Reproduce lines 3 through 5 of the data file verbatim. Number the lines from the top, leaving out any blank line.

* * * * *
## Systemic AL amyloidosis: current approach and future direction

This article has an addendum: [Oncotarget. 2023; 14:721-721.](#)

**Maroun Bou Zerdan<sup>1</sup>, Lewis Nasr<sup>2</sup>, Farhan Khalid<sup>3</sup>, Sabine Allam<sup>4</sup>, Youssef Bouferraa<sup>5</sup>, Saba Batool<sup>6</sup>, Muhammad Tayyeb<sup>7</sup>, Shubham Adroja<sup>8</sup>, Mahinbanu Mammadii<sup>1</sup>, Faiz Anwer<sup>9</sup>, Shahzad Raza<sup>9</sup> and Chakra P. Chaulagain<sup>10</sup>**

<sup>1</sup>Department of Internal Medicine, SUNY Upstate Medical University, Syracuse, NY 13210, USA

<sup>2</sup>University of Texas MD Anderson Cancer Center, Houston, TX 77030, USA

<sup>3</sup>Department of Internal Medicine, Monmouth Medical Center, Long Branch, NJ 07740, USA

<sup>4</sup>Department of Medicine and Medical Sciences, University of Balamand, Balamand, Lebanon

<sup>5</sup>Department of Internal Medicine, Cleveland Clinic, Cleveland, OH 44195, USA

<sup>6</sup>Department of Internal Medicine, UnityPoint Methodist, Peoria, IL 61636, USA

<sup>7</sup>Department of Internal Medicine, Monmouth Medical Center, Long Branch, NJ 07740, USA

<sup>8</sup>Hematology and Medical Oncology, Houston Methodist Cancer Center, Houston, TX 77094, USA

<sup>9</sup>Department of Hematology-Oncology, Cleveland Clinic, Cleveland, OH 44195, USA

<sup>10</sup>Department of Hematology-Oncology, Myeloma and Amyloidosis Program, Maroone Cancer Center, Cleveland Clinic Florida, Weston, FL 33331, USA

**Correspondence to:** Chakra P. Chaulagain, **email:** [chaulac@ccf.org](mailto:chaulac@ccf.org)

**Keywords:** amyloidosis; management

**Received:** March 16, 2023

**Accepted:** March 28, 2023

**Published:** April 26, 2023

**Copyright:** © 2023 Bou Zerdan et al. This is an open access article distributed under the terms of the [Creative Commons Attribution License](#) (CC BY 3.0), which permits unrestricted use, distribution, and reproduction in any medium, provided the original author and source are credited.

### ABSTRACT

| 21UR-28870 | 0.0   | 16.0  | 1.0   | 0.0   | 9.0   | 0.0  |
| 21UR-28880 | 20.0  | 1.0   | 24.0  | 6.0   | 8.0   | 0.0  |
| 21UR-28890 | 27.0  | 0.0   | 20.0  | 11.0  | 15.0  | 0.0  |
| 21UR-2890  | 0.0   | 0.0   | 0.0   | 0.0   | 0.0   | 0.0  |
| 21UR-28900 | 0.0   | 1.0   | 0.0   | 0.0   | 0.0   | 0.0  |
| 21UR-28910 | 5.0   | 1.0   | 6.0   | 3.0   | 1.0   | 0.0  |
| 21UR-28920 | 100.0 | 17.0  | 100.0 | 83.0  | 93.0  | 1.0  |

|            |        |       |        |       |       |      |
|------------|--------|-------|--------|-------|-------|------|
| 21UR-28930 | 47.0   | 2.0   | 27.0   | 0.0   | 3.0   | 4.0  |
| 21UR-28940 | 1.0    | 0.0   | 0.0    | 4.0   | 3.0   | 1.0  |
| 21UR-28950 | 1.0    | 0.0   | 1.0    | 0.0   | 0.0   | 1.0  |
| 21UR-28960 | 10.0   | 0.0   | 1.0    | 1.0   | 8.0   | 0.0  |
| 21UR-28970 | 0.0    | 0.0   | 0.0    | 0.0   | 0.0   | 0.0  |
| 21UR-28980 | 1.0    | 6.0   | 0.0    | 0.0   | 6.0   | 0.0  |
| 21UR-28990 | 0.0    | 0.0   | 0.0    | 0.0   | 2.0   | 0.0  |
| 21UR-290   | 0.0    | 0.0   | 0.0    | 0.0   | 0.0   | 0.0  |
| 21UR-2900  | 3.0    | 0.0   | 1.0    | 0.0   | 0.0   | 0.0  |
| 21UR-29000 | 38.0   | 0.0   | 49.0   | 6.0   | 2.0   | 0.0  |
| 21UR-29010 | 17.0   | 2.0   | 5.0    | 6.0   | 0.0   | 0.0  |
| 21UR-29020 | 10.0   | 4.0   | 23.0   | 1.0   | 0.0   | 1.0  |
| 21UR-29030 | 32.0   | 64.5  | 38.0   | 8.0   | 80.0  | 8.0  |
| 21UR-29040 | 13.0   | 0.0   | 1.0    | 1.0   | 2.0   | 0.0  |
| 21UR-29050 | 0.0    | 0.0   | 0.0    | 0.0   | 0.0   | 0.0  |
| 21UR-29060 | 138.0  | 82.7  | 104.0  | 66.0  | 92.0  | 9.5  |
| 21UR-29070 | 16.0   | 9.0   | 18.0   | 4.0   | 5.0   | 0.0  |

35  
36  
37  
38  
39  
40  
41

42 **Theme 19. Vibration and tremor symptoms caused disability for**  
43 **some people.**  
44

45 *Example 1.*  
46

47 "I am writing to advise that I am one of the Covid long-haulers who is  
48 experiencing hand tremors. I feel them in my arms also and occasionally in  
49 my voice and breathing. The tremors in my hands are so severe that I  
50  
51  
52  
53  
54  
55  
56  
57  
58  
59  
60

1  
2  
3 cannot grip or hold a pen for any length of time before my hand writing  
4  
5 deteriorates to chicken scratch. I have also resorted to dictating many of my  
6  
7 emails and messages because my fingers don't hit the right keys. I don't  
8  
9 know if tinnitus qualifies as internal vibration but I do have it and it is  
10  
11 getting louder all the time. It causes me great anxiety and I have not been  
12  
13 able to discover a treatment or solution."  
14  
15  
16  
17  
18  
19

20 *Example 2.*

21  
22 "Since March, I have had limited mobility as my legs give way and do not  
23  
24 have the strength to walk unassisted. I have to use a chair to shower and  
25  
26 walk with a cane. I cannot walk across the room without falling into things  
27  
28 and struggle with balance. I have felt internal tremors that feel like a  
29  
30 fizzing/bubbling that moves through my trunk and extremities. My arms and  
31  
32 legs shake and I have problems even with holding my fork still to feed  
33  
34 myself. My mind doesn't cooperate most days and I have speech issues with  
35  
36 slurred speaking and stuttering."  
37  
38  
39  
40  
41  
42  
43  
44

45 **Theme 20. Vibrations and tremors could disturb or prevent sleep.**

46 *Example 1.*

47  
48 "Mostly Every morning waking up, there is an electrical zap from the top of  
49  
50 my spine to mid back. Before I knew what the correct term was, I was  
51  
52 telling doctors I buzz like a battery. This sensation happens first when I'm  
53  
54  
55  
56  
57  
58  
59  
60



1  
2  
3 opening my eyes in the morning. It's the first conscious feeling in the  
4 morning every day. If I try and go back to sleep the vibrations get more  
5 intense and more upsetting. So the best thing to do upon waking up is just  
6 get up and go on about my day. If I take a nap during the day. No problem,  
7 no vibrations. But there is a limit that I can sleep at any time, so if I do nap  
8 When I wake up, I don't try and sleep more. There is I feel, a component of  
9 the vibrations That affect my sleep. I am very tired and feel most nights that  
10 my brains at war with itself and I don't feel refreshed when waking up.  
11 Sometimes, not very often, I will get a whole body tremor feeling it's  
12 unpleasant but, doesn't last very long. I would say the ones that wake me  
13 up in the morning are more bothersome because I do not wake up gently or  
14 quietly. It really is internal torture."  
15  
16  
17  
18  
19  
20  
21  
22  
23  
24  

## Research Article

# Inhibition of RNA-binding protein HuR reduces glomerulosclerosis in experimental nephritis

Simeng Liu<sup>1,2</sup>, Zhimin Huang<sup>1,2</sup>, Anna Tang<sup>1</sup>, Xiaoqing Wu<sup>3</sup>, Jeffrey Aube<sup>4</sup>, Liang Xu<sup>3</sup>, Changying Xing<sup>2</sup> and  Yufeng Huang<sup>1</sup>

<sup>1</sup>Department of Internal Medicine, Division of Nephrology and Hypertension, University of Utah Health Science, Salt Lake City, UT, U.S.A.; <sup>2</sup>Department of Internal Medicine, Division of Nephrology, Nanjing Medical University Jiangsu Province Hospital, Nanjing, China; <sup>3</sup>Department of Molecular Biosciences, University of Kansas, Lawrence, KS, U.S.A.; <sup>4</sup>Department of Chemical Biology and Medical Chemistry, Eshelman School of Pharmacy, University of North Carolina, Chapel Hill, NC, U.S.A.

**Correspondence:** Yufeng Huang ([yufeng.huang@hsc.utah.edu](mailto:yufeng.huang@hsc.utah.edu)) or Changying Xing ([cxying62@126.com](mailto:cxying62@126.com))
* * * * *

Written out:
**Maroun Bou Zerdan<sup>1</sup>, Lewis Nasr<sup>2</sup>, Farhan Khalid<sup>3</sup>, Sabine Allam<sup>4</sup>, Youssef Bouferraa<sup>5</sup>, Saba Batool<sup>6</sup>, Muhammad Tayyeb<sup>7</sup>, Shubham Adroja<sup>8</sup>, Mahinbanu Mammadii<sup>1</sup>, Faiz Anwer<sup>9</sup>, Shahzad Raza<sup>9</sup> and Chakra P. Chaulagain<sup>10</sup>**

<sup>1</sup>Department of Internal Medicine, SUNY Upstate Medical University, Syracuse, NY 13210, USA

<sup>2</sup>University of Texas MD Anderson Cancer Center, Houston, TX 77030, USA